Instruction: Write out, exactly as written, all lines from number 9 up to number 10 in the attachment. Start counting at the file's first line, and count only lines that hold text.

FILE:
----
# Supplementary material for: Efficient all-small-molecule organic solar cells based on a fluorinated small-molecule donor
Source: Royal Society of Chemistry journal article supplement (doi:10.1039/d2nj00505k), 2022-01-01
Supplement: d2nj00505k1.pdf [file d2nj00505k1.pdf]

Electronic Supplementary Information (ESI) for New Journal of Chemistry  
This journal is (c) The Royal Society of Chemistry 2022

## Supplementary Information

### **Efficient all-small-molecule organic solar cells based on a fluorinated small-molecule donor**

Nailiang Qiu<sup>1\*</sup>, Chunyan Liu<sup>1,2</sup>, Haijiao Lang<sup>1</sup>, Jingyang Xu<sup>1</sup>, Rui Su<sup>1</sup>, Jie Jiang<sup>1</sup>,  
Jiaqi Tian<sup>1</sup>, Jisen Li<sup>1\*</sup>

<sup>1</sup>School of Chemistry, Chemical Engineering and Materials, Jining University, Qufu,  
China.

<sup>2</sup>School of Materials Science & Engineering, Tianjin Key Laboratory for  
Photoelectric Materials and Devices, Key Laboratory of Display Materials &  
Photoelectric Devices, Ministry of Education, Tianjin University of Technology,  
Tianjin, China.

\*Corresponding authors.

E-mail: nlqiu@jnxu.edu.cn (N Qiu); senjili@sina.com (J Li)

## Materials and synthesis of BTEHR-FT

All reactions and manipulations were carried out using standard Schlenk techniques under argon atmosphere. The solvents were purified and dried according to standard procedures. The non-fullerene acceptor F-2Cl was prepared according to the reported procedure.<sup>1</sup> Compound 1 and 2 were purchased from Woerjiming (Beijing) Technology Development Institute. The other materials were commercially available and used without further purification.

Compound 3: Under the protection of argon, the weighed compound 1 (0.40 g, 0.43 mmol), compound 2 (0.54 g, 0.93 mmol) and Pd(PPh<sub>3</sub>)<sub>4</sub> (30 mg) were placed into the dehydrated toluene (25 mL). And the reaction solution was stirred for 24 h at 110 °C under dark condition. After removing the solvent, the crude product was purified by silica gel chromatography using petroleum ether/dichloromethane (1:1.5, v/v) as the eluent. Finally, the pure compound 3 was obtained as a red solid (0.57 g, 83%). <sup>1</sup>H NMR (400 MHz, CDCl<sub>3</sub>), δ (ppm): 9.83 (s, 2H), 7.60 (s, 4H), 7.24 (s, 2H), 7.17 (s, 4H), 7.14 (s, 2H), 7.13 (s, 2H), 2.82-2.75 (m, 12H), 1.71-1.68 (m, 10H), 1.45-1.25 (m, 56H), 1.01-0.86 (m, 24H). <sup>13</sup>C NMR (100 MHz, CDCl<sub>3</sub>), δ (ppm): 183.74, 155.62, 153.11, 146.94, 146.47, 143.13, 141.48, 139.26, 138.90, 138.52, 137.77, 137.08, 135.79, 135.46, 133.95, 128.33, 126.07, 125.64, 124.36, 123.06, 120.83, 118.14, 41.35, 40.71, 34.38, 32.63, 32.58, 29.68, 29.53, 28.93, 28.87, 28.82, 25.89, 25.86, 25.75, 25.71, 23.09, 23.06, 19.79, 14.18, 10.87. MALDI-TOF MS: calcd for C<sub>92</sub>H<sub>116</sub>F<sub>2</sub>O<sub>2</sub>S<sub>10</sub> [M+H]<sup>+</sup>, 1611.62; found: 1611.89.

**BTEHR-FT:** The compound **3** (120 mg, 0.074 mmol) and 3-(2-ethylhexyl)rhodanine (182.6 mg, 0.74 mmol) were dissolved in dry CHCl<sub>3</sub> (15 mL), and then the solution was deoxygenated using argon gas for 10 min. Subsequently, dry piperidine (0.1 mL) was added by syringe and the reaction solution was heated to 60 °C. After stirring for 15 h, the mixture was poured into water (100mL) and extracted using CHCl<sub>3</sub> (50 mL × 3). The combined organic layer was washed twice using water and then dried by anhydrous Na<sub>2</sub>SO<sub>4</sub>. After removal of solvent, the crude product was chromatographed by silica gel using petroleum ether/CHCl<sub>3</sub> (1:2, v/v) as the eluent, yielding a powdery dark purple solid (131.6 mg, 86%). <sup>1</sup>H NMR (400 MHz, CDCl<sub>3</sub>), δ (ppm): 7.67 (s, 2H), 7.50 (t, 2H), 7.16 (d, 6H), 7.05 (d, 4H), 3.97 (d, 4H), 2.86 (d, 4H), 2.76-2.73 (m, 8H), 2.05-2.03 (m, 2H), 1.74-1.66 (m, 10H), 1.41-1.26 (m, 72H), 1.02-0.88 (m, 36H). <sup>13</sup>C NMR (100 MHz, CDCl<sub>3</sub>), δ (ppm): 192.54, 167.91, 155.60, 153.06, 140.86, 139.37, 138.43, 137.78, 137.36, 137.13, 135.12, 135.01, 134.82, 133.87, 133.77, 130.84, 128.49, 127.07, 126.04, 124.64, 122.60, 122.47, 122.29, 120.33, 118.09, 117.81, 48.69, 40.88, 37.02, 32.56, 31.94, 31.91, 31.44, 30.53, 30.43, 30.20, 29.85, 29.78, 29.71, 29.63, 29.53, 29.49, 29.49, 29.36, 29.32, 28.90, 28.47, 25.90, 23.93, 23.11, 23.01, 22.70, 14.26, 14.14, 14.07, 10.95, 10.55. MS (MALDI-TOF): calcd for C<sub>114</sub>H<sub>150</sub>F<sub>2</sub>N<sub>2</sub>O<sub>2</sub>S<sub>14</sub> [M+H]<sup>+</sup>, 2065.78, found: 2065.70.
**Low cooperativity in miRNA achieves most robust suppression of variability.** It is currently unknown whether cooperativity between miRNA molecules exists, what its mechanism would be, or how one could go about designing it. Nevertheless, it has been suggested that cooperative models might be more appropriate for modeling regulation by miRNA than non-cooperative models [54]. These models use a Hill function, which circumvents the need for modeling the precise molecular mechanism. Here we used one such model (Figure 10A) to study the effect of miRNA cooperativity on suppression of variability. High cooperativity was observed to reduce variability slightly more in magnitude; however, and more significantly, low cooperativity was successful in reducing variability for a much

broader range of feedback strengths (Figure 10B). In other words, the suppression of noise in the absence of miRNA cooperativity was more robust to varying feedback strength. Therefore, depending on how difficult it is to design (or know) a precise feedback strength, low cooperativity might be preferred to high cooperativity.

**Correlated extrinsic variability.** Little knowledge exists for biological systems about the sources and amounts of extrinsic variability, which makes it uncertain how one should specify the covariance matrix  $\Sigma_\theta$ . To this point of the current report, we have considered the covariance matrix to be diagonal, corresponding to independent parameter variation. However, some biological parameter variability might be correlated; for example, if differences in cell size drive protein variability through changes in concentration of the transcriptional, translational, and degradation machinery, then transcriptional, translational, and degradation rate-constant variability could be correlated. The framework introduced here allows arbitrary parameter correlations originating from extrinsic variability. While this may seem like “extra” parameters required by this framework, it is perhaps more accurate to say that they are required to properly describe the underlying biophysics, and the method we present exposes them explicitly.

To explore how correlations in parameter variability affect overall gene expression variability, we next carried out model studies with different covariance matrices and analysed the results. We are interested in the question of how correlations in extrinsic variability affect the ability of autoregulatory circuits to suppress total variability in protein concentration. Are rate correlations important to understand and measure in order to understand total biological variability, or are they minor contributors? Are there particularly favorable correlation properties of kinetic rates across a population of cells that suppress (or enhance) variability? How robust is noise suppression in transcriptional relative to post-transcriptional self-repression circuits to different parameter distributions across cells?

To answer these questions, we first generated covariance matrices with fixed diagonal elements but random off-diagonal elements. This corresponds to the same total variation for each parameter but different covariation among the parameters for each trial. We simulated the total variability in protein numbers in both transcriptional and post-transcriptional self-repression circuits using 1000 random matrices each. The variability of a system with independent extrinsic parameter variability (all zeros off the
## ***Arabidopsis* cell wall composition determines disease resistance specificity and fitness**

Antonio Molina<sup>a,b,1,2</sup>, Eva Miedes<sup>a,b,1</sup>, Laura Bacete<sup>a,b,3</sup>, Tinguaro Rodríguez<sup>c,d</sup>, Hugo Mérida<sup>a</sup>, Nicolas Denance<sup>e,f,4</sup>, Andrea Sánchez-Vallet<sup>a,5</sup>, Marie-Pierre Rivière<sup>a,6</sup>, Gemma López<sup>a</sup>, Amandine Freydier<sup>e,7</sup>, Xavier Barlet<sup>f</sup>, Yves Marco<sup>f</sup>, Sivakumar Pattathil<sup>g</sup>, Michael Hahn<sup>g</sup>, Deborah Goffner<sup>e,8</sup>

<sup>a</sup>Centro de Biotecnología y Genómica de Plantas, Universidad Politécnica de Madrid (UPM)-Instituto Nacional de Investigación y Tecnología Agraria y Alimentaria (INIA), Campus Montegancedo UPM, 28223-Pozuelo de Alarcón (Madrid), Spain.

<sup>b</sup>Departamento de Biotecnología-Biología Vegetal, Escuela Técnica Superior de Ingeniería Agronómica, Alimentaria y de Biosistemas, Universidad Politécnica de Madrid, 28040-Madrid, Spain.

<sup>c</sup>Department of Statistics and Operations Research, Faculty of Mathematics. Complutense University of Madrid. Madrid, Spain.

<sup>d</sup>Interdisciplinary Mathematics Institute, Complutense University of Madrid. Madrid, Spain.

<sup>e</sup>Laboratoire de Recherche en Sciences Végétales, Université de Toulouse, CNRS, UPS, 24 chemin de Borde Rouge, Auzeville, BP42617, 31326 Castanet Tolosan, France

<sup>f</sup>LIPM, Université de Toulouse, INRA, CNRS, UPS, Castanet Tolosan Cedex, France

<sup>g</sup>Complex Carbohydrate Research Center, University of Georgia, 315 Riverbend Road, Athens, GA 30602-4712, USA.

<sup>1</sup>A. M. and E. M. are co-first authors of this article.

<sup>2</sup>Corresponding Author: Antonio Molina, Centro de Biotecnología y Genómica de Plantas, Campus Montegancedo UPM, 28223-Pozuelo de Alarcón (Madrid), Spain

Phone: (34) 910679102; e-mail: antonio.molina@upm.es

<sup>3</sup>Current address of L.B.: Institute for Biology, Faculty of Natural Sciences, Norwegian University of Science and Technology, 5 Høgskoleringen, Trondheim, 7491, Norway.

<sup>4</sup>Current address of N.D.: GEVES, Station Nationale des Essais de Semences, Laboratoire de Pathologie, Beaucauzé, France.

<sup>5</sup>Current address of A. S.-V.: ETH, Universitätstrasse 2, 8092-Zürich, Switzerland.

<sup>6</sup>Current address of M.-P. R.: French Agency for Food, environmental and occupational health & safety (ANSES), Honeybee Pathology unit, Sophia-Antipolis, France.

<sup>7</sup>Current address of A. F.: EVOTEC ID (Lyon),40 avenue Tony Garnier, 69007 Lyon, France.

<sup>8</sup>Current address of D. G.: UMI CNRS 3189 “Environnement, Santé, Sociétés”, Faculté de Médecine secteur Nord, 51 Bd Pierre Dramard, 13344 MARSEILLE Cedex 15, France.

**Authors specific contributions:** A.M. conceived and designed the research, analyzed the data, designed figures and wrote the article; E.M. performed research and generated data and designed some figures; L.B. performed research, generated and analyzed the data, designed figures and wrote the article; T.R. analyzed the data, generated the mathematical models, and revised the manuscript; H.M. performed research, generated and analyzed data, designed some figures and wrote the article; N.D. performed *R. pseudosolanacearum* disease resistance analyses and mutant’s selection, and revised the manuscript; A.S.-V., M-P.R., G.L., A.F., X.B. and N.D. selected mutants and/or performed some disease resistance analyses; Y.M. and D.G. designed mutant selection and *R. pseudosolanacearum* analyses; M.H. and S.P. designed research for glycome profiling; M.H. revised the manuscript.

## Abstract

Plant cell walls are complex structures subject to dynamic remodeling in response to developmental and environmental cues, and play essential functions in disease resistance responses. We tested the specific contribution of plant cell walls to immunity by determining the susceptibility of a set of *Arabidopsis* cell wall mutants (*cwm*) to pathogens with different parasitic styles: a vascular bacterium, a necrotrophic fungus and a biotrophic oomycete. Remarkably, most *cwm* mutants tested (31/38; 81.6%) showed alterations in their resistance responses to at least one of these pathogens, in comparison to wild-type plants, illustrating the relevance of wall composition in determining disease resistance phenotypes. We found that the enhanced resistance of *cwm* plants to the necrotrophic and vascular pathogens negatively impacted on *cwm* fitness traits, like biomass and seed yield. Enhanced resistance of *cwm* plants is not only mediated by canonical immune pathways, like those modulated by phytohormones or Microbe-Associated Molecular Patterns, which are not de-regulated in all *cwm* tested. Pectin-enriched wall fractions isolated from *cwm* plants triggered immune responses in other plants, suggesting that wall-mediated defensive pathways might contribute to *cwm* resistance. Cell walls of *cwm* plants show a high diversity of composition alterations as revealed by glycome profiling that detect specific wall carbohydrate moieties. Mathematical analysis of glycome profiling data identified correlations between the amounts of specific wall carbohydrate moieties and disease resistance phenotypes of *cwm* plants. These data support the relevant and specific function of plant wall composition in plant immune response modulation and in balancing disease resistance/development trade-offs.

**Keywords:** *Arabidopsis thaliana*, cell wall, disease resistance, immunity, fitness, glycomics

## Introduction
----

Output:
Jiaqi Tian<sup>1</sup>, Jisen Li<sup>1\*</sup>

<sup>1</sup>School of Chemistry, Chemical Engineering and Materials, Jining University, Qufu,  